Bell Curve The Law Talking Guy Raised by Republicans U.S. West
Well, he's kind of had it in for me ever since I accidentally ran over his dog. Actually, replace "accidentally" with "repeatedly," and replace "dog" with "son."

Thursday, April 14, 2005

Conservative Justice Update

Eric Rudolph will get life in prison instead of the death penalty as the result of a plea bargain. After he pled guilty, his attorneys handed out an 11 page manifesto written by Rudolph justifying his bombing attacks and murders as legitimate responses to abortion and homosexuality.

Attorneys for accused terrorists from the Middle East have been indicted and convicted for disseminating such calls for violence.

While prominent anti-abortion groups denounce the violence they are well known to have direct and indirect contacts with groups that advocate violence and such violent groups are often splinters from the more "main stream" anti-abortion/homophobic groups. Such loose and indirect contacts are used by the Bush administration to seize property of Arab/Muslim Americans, detain them, summarily rescind their immigration status and deport them.

The double standard is disgusting. It is precisely because of the tendency to enforce laws in this uneven manner that the constitution is so important.

Yet more evidence that we are not dealing with the old fashioned, stuffed shirt, small government Republicans anymore. These are people with strong sympathy for ruthless theocrats and nationalists who are willing to kill to prove that their religion is the correct one.

10 comments:

Dr. Strangelove said...

LA Times reports today: 'As the Senate heads toward a showdown over the rules governing judicial confirmations, Senator Bill Frist, the majority leader, has agreed to join a handful of prominent Christian conservatives in a telecast portraying Democrats as 'against people of faith' for blocking President Bush's nominees."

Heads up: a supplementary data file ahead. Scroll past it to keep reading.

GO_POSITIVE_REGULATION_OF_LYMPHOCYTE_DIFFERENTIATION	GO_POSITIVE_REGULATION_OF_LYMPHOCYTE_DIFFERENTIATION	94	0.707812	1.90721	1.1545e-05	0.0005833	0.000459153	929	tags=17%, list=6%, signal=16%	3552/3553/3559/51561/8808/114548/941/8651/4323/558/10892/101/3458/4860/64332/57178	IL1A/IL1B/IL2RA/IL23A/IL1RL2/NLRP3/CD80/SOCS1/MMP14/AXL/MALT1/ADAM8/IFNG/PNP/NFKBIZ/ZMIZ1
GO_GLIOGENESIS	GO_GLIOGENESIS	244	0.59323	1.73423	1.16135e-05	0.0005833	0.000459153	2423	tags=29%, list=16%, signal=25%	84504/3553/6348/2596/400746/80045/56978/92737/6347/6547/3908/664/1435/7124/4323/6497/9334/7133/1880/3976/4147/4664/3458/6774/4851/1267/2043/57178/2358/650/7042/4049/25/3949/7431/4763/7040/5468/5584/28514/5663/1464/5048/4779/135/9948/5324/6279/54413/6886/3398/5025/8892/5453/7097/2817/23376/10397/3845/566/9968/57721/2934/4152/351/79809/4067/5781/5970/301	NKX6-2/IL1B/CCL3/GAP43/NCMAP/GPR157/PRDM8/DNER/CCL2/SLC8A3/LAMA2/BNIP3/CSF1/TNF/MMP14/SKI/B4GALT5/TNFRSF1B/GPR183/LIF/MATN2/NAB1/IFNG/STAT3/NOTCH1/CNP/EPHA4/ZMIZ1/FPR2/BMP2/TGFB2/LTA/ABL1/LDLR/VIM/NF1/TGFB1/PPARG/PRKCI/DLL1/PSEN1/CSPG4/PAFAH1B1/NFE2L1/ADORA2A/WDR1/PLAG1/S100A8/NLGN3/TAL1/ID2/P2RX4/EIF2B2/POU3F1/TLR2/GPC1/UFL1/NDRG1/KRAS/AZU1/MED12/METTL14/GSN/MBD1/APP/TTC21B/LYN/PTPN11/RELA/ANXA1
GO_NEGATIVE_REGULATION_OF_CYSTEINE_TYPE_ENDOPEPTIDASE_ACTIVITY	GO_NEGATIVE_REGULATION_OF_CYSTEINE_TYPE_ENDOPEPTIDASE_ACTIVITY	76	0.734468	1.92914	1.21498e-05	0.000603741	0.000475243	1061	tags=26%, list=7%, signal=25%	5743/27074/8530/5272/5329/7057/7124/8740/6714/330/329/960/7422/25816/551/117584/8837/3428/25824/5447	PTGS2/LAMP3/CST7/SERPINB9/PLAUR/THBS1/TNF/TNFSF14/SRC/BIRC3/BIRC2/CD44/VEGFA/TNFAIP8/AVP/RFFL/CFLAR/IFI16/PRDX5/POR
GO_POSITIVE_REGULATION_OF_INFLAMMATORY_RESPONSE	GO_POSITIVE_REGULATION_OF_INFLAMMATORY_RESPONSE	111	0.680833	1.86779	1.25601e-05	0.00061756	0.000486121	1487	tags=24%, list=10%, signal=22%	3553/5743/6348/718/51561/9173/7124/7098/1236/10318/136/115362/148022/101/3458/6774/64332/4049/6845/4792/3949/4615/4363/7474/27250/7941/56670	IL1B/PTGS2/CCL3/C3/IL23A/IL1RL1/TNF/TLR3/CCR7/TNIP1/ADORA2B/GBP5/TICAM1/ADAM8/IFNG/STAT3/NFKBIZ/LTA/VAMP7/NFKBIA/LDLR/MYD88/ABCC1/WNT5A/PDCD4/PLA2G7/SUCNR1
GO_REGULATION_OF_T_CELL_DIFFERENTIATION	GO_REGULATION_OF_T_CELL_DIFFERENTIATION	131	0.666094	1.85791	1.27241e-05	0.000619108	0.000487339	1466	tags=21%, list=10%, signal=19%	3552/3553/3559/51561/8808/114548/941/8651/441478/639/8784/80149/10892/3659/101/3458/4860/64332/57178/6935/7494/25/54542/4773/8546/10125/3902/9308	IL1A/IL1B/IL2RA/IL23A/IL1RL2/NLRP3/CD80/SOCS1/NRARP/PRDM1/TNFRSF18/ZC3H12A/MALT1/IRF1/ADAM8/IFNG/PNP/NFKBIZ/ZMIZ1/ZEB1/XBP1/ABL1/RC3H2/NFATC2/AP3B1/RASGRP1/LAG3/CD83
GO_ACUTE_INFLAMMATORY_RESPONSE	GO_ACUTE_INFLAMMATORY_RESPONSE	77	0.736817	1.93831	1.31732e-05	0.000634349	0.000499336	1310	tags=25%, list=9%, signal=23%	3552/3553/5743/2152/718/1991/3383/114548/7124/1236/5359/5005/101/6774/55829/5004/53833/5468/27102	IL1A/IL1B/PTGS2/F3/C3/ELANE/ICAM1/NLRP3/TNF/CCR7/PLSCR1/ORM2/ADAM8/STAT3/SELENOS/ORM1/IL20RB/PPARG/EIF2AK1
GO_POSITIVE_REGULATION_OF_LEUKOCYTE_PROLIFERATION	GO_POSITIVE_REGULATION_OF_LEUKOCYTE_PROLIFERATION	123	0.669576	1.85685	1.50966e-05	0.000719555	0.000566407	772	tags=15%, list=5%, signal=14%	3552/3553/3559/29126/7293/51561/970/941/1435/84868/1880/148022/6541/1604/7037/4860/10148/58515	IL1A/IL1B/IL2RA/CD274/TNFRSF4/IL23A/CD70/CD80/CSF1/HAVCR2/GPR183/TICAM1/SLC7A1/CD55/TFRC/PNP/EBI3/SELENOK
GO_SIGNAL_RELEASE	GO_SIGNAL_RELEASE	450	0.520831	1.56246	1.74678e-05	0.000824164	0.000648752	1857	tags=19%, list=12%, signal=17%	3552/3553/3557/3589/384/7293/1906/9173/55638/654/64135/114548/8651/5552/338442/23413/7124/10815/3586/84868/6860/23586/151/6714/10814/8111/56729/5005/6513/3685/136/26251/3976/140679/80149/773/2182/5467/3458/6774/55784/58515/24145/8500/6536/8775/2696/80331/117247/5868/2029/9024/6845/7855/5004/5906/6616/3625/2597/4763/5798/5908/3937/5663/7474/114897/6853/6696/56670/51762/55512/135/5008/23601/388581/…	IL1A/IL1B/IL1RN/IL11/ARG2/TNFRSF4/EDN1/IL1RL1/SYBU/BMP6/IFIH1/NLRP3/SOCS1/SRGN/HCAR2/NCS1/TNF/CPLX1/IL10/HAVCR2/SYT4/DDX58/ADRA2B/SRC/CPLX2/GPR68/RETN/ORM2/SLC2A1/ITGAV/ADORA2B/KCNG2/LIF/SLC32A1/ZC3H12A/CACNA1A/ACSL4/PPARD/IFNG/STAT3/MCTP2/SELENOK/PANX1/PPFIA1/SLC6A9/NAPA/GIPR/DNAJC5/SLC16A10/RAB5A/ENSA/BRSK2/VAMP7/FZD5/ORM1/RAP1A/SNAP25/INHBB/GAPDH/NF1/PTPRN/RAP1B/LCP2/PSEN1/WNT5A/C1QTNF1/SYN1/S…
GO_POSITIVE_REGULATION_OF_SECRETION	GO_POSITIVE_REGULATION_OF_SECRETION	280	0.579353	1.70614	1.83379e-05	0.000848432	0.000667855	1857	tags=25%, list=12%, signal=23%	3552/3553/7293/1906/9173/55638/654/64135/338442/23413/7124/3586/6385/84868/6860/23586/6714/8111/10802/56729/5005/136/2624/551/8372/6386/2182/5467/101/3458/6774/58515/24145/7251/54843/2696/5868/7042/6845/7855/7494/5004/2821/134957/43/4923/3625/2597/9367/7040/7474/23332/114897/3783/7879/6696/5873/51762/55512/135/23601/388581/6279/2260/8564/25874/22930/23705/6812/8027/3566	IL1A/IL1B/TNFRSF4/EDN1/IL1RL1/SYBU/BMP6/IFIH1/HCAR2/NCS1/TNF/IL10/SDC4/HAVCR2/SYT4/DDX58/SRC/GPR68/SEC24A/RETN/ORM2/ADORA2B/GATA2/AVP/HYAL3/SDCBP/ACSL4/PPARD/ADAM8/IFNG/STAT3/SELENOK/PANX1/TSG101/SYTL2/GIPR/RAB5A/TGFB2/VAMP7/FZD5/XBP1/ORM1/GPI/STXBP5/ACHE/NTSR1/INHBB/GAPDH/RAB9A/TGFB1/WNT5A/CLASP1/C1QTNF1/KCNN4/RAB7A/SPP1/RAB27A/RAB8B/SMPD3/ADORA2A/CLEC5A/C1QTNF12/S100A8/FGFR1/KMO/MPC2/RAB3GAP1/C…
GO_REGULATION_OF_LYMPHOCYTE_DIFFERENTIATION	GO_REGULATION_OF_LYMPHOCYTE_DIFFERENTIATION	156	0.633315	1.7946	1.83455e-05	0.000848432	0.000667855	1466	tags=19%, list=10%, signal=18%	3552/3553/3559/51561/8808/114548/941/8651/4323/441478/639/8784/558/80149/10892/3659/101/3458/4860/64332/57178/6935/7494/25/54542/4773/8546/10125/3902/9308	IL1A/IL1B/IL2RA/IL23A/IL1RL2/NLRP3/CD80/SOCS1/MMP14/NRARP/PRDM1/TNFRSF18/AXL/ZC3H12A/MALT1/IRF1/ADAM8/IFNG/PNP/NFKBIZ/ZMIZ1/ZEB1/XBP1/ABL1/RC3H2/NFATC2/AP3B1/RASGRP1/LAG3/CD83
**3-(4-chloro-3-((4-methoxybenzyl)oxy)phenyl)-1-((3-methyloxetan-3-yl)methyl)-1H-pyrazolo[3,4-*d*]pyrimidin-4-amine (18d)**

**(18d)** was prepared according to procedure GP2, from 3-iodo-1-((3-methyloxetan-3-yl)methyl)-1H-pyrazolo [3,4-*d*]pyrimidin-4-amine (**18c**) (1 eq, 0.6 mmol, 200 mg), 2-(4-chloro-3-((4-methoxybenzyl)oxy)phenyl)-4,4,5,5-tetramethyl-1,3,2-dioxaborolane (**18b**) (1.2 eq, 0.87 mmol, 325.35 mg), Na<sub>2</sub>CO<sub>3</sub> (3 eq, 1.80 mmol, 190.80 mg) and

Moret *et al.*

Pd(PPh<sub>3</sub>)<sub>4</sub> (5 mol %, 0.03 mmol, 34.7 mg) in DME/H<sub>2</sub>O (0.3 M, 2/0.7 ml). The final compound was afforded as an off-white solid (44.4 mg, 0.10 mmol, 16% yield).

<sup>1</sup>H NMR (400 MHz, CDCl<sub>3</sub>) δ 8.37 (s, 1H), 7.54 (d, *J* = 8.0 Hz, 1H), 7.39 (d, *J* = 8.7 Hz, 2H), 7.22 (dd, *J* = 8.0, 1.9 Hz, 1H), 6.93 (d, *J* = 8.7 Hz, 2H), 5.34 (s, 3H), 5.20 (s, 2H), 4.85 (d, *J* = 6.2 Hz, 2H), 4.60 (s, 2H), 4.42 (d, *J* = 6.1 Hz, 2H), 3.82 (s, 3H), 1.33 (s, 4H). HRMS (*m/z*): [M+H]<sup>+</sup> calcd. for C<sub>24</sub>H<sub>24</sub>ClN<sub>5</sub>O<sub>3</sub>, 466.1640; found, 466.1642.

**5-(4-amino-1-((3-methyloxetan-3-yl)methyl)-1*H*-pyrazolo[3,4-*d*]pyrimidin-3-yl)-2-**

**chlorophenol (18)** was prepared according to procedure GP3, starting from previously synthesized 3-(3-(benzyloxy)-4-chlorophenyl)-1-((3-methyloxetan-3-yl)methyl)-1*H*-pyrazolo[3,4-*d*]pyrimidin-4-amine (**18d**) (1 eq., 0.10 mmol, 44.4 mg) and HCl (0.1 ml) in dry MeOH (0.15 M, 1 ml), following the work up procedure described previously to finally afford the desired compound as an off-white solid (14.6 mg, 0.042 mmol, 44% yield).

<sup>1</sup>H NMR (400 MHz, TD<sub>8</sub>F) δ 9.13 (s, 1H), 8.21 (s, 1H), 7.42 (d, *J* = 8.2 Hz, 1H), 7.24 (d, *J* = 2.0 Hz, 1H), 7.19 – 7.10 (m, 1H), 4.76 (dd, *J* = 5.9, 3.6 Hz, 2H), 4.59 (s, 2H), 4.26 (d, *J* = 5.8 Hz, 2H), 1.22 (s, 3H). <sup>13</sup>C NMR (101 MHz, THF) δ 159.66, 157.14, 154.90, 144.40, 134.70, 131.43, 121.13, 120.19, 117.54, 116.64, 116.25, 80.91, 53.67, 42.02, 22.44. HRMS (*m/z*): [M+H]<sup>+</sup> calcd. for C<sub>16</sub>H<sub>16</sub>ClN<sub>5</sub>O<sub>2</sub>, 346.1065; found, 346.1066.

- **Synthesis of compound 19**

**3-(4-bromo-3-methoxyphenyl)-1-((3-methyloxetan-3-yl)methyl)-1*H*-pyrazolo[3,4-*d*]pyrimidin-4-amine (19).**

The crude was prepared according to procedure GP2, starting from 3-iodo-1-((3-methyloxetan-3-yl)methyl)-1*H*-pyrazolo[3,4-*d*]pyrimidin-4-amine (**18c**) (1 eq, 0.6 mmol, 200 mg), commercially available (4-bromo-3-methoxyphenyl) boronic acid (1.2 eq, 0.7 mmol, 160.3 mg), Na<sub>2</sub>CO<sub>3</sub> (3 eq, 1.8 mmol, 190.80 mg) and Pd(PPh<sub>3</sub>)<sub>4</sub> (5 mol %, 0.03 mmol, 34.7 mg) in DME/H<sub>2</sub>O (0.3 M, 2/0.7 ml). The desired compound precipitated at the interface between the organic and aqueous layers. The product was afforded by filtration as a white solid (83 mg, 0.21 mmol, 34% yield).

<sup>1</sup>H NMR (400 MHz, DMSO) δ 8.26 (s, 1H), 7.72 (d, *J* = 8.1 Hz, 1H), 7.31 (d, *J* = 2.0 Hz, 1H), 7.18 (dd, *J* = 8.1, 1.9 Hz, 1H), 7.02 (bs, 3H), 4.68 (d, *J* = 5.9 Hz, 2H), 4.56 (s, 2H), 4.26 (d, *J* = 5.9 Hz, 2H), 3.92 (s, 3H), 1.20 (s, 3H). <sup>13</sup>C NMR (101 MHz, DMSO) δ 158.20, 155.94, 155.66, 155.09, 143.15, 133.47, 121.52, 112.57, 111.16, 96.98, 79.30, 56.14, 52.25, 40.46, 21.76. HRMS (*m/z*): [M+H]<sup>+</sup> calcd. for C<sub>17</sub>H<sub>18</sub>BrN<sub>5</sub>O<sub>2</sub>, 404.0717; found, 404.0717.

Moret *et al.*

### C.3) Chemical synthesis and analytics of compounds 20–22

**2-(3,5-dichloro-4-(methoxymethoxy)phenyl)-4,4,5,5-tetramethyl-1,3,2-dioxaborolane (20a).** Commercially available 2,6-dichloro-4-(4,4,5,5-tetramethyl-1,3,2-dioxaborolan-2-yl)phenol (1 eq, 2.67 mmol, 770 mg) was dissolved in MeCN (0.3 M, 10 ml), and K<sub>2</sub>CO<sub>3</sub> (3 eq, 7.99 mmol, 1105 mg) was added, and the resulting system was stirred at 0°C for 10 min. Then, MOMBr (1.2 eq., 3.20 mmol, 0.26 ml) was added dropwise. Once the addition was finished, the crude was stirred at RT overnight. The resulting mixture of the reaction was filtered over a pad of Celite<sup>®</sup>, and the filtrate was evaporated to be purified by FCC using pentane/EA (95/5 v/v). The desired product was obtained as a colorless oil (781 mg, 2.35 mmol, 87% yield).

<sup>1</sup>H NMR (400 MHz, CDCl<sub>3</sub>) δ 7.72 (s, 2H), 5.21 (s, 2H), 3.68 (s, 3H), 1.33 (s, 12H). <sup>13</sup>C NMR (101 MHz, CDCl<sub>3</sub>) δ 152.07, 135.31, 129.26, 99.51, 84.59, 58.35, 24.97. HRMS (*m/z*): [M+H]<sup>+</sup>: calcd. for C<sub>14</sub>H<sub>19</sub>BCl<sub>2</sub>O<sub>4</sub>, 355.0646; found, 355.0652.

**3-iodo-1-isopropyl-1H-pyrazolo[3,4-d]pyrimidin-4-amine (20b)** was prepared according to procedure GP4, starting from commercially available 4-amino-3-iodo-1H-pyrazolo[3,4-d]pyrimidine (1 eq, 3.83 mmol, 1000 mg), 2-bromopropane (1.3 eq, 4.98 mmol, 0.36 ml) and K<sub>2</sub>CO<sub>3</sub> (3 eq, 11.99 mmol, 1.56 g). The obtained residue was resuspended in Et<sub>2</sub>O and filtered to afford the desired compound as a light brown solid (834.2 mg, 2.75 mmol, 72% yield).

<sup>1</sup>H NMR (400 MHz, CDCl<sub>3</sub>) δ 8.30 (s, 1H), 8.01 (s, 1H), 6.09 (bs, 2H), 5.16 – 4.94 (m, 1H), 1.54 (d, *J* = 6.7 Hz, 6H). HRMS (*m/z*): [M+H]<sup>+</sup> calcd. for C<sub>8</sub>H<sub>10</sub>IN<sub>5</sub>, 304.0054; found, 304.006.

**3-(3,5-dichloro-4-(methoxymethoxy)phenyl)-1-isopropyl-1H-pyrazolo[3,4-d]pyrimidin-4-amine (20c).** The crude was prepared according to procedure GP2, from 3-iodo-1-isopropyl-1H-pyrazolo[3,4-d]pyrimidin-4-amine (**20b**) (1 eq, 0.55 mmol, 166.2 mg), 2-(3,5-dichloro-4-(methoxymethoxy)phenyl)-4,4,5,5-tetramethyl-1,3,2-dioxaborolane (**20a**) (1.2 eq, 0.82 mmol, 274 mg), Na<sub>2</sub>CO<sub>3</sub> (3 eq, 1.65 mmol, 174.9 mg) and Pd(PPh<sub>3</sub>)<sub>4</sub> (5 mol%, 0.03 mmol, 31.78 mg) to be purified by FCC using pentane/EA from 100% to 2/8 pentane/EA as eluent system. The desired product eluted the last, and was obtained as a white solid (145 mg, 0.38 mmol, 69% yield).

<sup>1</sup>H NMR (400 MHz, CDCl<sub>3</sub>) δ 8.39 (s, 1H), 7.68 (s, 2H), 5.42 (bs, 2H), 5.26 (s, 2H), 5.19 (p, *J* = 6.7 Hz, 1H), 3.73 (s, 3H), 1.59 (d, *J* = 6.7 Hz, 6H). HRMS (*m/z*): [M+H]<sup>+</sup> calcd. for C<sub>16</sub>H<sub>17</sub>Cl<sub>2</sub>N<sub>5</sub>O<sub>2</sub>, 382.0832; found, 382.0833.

Where is the mainstream Christian response to this outrage? By preventing Bush from packing the judiciary with theocratic extremists--Democrats and liberals are, as they have always done, protecting people of faith everywhere.

Raised By Republicans said...

You are assuming that the Christian Conservatives do not represent the "main stream" of religious people in the United States.

If you check the stats, the Religious Right represents a substantial majority within the religous population.

Dr. Strangelove said...

I can only hope you are wrong. I don't have the stats, but I'll bet 90% of Americans consider themselves Christian--surely most of them are not extremists? I don't know... but one can only hope :-)

Raised By Republicans said...

I doubt its 90%. But in any case if you restrict it to "attends church regularly" its far lower than 90% (more like 70%). And of that group, the fundamentalists are a majority. This is all posted on pollingreport.com somewhere but I'm too lazy to look it all up right now.

Dr. Strangelove said...

Frankly, I think the problem lies with the unfalsifiable nature of religious belief. But the religious Thought Police have such a stranglehold on public discourse that it is political suicide to say so. (Whereas speaking critically of the foundations of almost any other aspect of modern life--science/technology, popular music/TV/culture, professional sports--can often win votes.) Despite this, some Christians still try to perpetuate the myth that they are a persecuted and powerless minority under attack in the US--nowadays by the "activist" courts.

The Law Talking Guy said...

The Statistical Abstract of the United States puts church attendance at 44%, a gradual increase from 40% in 1980. With only 65% reporting church membership, many other sources think the 40% figure is inflated, and that such self-reporting may nearly double the number of real churchgoers.

Nam LaMore said...

i'm not sure but if law & order (tv show) reflects life, then i can see why rudolf pleaed to life imprisonment. besides johnnie cochran is dead, so he wouldn't be able to get one of the best murder trial attorneys available.

on a different note, did you see the democratic underground published their list of "top 10 conservative idiots."

Raised By Republicans said...

I agree with Dr. Strangelove regarding the unfalsifiable nature of religion. When mixed with politics it is inherently undemocratic in that it precludes compromise or even debate.

Policy debates get restricted to debates about the most accurate interpretation of the Bible and any attempt to argue the matter from another perspective is excluded.

Bell Curve said...

On a similar note, have you seen this?

Radio Host Fired for Wondering if Pope went to Heaven

You can't even have a decent debate about Christianity anymore. Are the Protestants becoming as dogmatic as the Catholics?

Raised By Republicans said...

Yes. The Catholics are changing too. Remember "Liberation Theology?" Well, John Paul II did his best to drive its advocates out of the Church. He regarded them as heritics.

The Catholic establishment and the Protestant fundamentalists have something in common...they are opposed to modernity itself (including science, reason and democracy).